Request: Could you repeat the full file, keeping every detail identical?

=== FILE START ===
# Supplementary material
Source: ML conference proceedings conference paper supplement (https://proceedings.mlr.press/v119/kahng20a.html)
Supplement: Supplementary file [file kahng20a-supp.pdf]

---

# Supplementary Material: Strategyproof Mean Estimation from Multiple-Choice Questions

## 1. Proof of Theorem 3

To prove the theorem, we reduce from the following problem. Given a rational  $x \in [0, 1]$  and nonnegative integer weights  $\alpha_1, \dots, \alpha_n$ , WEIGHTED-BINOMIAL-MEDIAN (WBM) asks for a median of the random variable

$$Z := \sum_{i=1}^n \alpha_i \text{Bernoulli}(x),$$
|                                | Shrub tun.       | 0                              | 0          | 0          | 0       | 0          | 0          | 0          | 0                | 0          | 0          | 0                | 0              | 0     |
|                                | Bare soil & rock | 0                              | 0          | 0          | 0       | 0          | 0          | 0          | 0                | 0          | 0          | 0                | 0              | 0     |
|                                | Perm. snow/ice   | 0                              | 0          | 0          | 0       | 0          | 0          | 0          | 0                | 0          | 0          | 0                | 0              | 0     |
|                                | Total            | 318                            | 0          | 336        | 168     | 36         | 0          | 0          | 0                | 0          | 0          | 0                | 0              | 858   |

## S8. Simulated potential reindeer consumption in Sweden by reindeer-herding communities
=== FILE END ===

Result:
# Supplementary material
Source: ML conference proceedings conference paper supplement (https://proceedings.mlr.press/v119/kahng20a.html)
Supplement: Supplementary file [file kahng20a-supp.pdf]

---

# Supplementary Material: Strategyproof Mean Estimation from Multiple-Choice Questions

## 1. Proof of Theorem 3

To prove the theorem, we reduce from the following problem. Given a rational  $x \in [0, 1]$  and nonnegative integer weights  $\alpha_1, \dots, \alpha_n$ , WEIGHTED-BINOMIAL-MEDIAN (WBM) asks for a median of the random variable

$$Z := \sum_{i=1}^n \alpha_i \text{Bernoulli}(x),$$
|                                | Shrub tun.       | 0                              | 0          | 0          | 0       | 0          | 0          | 0          | 0                | 0          | 0          | 0                | 0              | 0     |
|                                | Bare soil & rock | 0                              | 0          | 0          | 0       | 0          | 0          | 0          | 0                | 0          | 0          | 0                | 0              | 0     |
|                                | Perm. snow/ice   | 0                              | 0          | 0          | 0       | 0          | 0          | 0          | 0                | 0          | 0          | 0                | 0              | 0     |
|                                | Total            | 318                            | 0          | 336        | 168     | 36         | 0          | 0          | 0                | 0          | 0          | 0                | 0              | 858   |

## S8. Simulated potential reindeer consumption in Sweden by reindeer-herding communities